Though a highly respected rifle-smith, Wilson is best known for his pistols. Still enamored of revolvers, he collects fine Colts while his shop turns out superb 1911s. You can order plenty of options, but Bill concedes an affinity for pistols “you might carry.” Invited to the 15th IPSC shoot after serving on the USPSA board for most of a decade, he recalls shooting a match dedicated to the “guns of 1976.” Subsequently, he and John Sayle helped launch the Limited Division in 1992. Later, Bill led a move within USPSA to form the International Defensive Pistol Association (IDPA). “It emphasizes practical handguns, even those you’d wear concealed,” he explains. The clean, Spartan profiles of many Wilson pistols reflect that focus as they show off the fine machining and exquisite fit and finish Bill demands.
Besides refining the iconic .45 ACP, Wilson has won accolades for mating it to the .38 Super cartridge. Remembered by some as a Depression-era solution to bulletproof vests on bootleggers, the .38 Super has an indisputable edge on the .45: it’s smaller. A standard 1911 magazine holds 10 .38s. The additional two or three rounds amounted to “high capacity” in 1986, when a Safariland poster showed Wilson, as a member of the USPSA team, firing a single-stack .38 Super. “The Super got a bad rap when the case headspaced on its modest rim. Headspaced on the mouth, it does just fine. The 9x21mm is essentially the .38 Super without a rim. Its base is the same as the 9mm’s.” Incidentally, as Bill dominated scoreboards with his .38, Brian Enos and Rob Leatham were also winning with Wilson pistols!
Wilson didn’t jump to follow the “high-cap” crowd in the early 1990s, staying with the single-stack design that had fueled his growing firm. “But we’re a custom shop,” he says. “We try to serve a variety of tastes. Our gunsmiths have the skill and equipment to build superior pistols, no matter what the need.”
Going the Distance
Bill no longer fires 100,000 rounds a year in practice, but he’s still keen to produce cutting-edge 1911s. “We insist our 5-inch guns deliver 1-inch groups at 25 yards,” he tells me. The standard for 4-inch pistols: 1.5 inches. I fired both on his pistol range, at combat distances out to 100 yards. Clearly I’m no threat from the far end of a football field. But both Bill and his son, Ryan, stung the steel at long range. They fired off-hand and from behind a barricade, not from a bench. “A pistol should be easy to aim and fire, as it was meant to be aimed and fired,” maintains Bill.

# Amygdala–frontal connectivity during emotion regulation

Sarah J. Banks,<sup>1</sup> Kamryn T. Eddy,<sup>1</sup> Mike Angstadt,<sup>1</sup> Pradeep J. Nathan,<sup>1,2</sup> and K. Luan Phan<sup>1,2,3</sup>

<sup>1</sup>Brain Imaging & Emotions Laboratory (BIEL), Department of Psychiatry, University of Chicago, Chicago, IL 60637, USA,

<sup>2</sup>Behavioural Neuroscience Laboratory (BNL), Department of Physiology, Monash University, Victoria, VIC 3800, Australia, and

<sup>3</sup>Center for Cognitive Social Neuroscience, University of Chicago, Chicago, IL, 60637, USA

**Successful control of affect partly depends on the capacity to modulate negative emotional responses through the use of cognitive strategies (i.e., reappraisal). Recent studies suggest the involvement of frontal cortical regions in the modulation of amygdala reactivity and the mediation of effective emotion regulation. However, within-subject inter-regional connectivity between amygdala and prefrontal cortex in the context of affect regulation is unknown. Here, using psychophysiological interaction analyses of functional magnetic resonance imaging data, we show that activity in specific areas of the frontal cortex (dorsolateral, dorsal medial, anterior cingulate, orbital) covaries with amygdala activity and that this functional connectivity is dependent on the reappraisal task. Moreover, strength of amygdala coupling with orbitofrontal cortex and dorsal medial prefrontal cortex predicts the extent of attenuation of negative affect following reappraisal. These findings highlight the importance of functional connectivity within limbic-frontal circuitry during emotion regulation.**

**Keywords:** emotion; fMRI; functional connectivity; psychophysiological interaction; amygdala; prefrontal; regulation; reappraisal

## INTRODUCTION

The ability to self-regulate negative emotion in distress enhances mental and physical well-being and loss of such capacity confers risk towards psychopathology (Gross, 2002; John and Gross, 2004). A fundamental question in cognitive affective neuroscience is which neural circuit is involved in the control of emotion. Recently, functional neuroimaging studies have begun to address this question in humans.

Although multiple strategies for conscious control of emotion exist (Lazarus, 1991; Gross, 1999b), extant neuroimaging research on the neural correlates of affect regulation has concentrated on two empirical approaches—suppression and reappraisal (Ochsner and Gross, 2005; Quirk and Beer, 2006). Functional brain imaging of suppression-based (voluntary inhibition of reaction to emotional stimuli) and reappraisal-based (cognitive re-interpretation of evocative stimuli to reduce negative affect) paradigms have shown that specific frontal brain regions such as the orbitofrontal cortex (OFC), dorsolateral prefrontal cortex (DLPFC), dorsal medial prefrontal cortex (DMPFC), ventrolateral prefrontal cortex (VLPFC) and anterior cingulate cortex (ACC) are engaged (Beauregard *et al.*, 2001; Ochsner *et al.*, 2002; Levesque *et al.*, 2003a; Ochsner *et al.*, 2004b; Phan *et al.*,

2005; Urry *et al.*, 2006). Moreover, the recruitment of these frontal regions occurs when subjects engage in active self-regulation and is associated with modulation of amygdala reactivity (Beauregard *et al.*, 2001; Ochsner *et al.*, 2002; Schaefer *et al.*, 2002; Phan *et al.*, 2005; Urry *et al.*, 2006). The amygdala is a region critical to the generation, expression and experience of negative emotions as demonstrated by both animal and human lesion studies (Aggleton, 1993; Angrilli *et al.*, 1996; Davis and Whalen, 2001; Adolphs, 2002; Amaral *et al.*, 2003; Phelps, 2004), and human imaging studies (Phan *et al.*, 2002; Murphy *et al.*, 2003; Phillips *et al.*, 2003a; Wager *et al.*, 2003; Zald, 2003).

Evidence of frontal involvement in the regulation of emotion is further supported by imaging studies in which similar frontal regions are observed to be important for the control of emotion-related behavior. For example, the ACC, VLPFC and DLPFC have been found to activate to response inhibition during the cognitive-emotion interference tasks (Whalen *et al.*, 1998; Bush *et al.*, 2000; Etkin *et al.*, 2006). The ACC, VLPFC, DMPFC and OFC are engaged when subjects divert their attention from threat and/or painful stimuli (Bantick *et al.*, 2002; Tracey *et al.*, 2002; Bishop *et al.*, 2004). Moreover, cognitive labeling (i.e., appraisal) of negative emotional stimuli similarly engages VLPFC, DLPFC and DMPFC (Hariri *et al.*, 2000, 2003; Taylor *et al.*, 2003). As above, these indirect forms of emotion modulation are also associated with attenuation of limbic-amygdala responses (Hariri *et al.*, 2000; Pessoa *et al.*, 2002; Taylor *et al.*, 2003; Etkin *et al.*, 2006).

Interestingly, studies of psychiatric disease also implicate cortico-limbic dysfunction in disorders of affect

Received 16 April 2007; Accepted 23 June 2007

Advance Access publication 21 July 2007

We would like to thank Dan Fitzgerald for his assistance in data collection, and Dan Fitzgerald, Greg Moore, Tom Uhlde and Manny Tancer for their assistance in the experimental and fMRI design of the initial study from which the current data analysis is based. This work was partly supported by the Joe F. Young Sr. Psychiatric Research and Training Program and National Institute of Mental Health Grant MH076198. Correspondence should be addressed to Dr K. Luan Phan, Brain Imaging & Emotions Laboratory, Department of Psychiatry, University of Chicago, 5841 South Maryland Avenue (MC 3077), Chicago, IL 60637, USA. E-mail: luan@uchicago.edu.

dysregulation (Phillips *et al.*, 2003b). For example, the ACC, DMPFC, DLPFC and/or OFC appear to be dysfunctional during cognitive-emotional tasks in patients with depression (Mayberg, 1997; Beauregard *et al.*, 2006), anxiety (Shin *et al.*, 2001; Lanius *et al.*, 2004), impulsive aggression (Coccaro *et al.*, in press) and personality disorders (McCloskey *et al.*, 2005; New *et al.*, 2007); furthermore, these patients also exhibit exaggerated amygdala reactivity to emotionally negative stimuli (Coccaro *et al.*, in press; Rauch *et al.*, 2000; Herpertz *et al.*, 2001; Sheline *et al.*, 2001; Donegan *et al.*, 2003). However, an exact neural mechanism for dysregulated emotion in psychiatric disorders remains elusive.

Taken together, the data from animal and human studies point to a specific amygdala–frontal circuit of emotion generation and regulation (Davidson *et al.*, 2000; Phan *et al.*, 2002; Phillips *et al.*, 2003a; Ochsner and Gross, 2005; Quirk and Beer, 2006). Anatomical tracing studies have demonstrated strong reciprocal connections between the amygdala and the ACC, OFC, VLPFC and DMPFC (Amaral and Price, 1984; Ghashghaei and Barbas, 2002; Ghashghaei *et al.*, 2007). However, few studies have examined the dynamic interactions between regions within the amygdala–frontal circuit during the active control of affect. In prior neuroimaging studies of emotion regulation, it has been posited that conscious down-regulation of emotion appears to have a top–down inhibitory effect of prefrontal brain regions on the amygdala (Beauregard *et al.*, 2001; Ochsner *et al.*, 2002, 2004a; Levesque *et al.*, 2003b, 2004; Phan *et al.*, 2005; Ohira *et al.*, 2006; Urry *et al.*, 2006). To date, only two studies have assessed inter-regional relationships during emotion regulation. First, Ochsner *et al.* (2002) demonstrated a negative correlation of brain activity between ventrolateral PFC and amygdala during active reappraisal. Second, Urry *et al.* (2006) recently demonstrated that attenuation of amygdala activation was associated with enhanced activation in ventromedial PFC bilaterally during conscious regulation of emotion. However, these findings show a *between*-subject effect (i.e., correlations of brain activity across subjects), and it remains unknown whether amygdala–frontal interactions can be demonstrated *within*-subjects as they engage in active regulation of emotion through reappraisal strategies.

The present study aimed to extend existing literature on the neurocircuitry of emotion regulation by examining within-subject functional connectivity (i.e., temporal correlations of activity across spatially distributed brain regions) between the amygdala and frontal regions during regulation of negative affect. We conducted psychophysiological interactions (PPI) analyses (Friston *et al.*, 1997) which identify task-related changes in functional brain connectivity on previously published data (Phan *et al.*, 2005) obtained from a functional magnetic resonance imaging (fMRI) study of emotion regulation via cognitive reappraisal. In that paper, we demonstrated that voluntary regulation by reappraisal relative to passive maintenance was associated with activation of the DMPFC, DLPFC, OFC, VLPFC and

Though he adores the .45 ACP, Bill parts company with shooters who deem the 9mm inadequate. “I’ve shot it enough to count on it in a carry gun,” he says. He favors the 115-grain Barnes XPB and the 124-grain Hornady XTP. “My load of Vihtavouri 3N37 kicks the Hornady out at 1,250 fps.” Like the .38 Super, the 9mm trumps the .45 in the recoil department. “You can shoot more often without flinching. In rapid-fire strings, you spend less time recovering from recoil.”
Wilson Combat catalogs both steel- and alloy-frame 1911s. “Steel is most popular, but I carry an alloy Compact,” Bill tells me, “Alloy frames should last 10,000 rounds. We’ve never had to replace one.”
The Wilson line now includes four main versions of the 1911. Full-size pistols have the standard grip, slide and barrel measures of original 1911s, but you can add many refinements to your order. The Professional model has a 4-inch slide on a full-size frame. Compacts combine a trimmer grip with a 4-inch slide. The Sentinel is a subcompact, with a small slide and frame. All pistols come with a host of features and the attention to detail that have set Wilson Combat pistols apart since Bill Wilson began working on 1911s more than 30 years ago.
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The steel plates must have cringed. When Bill stepped to the line, they had…
by Personal Defense World / Nov 1, 2013